A Capitec Bank branch in Braamfontein, Johannesburg. Picture: SUNDAY TIMES
A Capitec Bank branch in Braamfontein, Johannesburg. Picture: SUNDAY TIMES

Capitec’s share price blazed past those of its competitors in 2017 and was heading for the R1,000 mark on by Thursday. It last came close to this level on December 5.

Capitec briefly overtook Nedbank as the largest bank by market capitalisation in September, shortly after the latter’s shares sank after the release of its interim results for the half-year to June, which reported its first contraction in earnings since the global financial crisis.

As Capitec reached nearly R892 per share for a market value of R103bn, Nedbank’s shares were at R205 for a R102bn market value.

In September, analysts at JP Morgan said Capitec remained one of the few growth stocks in the local financial services universe, lifting their projections for the share to R950. This is based on a 10% total return JP Morgan expects from the bank for its 2018 financial year as its credit card offering gains traction and launches new products.

But the share has since surpassed that and was trading at about R958.47 on Thursday afternoon. Still, analysts polled by Business Day did not select Capitec as their stock pick for 2018. Standard Bank has claimed that victory.

"So far in 2017, Standard Bank has given a return of 19%, whereas investors in Barclays Africa have lost 4%," said Jacques Plaut, portfolio manager at asset manager Allan Gray.

"It is unusual to see such a large disparity in returns from the sector. Capitec has done better still, up 37%."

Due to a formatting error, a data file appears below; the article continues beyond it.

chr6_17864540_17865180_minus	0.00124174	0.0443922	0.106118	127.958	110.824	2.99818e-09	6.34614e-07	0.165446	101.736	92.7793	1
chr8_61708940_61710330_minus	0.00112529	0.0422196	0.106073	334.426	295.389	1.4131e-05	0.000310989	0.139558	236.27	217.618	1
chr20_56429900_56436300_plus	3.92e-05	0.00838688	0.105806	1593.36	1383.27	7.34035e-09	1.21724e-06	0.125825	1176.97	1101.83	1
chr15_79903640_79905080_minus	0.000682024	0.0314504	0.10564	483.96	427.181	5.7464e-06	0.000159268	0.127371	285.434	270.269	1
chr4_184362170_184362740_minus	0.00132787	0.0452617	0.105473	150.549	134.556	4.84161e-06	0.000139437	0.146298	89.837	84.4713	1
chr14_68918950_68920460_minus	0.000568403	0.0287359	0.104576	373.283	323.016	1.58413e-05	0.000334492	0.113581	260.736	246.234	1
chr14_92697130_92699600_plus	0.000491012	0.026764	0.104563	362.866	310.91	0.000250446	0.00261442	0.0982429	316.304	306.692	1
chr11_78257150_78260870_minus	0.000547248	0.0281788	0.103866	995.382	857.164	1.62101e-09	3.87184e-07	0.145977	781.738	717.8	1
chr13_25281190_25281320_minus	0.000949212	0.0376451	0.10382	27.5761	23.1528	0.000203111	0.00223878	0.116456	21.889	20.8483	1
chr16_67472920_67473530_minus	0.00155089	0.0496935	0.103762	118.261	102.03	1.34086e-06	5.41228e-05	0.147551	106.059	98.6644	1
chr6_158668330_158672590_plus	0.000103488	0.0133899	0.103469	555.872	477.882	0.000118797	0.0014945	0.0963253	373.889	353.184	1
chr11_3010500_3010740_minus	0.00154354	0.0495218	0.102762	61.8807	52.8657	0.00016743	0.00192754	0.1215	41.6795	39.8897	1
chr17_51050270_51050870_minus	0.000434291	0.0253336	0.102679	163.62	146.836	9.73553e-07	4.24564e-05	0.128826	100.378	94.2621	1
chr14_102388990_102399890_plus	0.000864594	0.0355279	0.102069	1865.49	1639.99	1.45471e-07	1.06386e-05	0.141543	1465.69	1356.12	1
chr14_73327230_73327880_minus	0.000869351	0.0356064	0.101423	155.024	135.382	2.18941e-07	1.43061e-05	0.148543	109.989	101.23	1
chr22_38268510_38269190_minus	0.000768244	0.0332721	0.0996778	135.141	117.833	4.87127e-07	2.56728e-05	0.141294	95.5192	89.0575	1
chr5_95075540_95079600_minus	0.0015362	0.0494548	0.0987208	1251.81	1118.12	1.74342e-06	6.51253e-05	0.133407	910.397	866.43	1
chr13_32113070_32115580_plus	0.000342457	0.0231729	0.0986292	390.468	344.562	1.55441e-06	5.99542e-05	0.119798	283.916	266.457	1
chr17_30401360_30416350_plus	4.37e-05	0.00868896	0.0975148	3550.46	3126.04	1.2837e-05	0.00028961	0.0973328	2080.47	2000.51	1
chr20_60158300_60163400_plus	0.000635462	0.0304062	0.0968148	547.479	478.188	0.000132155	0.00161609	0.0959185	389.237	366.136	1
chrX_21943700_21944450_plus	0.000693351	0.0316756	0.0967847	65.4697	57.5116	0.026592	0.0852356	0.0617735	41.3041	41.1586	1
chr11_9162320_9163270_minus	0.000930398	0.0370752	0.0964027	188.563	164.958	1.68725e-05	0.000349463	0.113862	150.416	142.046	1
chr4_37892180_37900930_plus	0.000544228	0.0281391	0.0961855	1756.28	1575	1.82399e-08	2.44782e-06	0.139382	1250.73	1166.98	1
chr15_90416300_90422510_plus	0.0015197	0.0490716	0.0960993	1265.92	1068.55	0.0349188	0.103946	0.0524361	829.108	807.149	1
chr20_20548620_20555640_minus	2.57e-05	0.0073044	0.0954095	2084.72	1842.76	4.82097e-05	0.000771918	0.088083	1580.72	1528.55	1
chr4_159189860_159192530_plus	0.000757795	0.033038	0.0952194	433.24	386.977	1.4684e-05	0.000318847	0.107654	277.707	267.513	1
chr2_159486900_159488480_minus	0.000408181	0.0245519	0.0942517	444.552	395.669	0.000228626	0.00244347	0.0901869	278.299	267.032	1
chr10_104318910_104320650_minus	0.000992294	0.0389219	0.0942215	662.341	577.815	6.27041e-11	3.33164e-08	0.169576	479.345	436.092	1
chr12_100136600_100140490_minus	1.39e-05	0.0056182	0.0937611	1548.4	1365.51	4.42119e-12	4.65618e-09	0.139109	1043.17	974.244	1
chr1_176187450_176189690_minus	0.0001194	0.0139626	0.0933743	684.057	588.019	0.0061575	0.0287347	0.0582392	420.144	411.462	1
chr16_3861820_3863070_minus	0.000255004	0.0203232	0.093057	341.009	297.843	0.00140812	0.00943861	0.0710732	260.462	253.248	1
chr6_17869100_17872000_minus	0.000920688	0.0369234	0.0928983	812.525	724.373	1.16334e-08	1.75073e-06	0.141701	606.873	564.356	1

Barclays Africa has battled to keep up with peers, even as it got rid of the overhang caused by former British parent Barclays plc’s announcement that it would sell off its majority shareholding. A 6.7% dividend yield, coupled with an expected increase in the percentage of profits set aside for dividends
in the near future, did little to tempt investors.

At Standard Bank, lower dividends did not deter investors, who bought into the bank’s growth story. Standard was the only big bank to deliver earnings growth in the double digits during the six months to June and analysts expected it to keep up this momentum as it would suffer the "lowest impact" from a downgrade of SA’s investment grade status and it reaps the fruits of its IT spend.

FirstRand reports its results for the year in June, which makes comparison difficult.

"Standard Bank has done the best on the back of their strong turnaround in Africa," said Patrice Rassou, head of equities at Sanlam Investments.

"It looks like they are poised for another strong year, so would be my top pick."

After S&P Global Ratings downgraded the government’s local debt rating, there are rumblings about avoiding banking stocks, which are sensitive to macroeconomic developments.

But Plaut said Allan Gray believed there was still decent value in the sector.

"Standard and Investec are in our top 10 and we own Nedbank via Old Mutual, which is our third-largest share."


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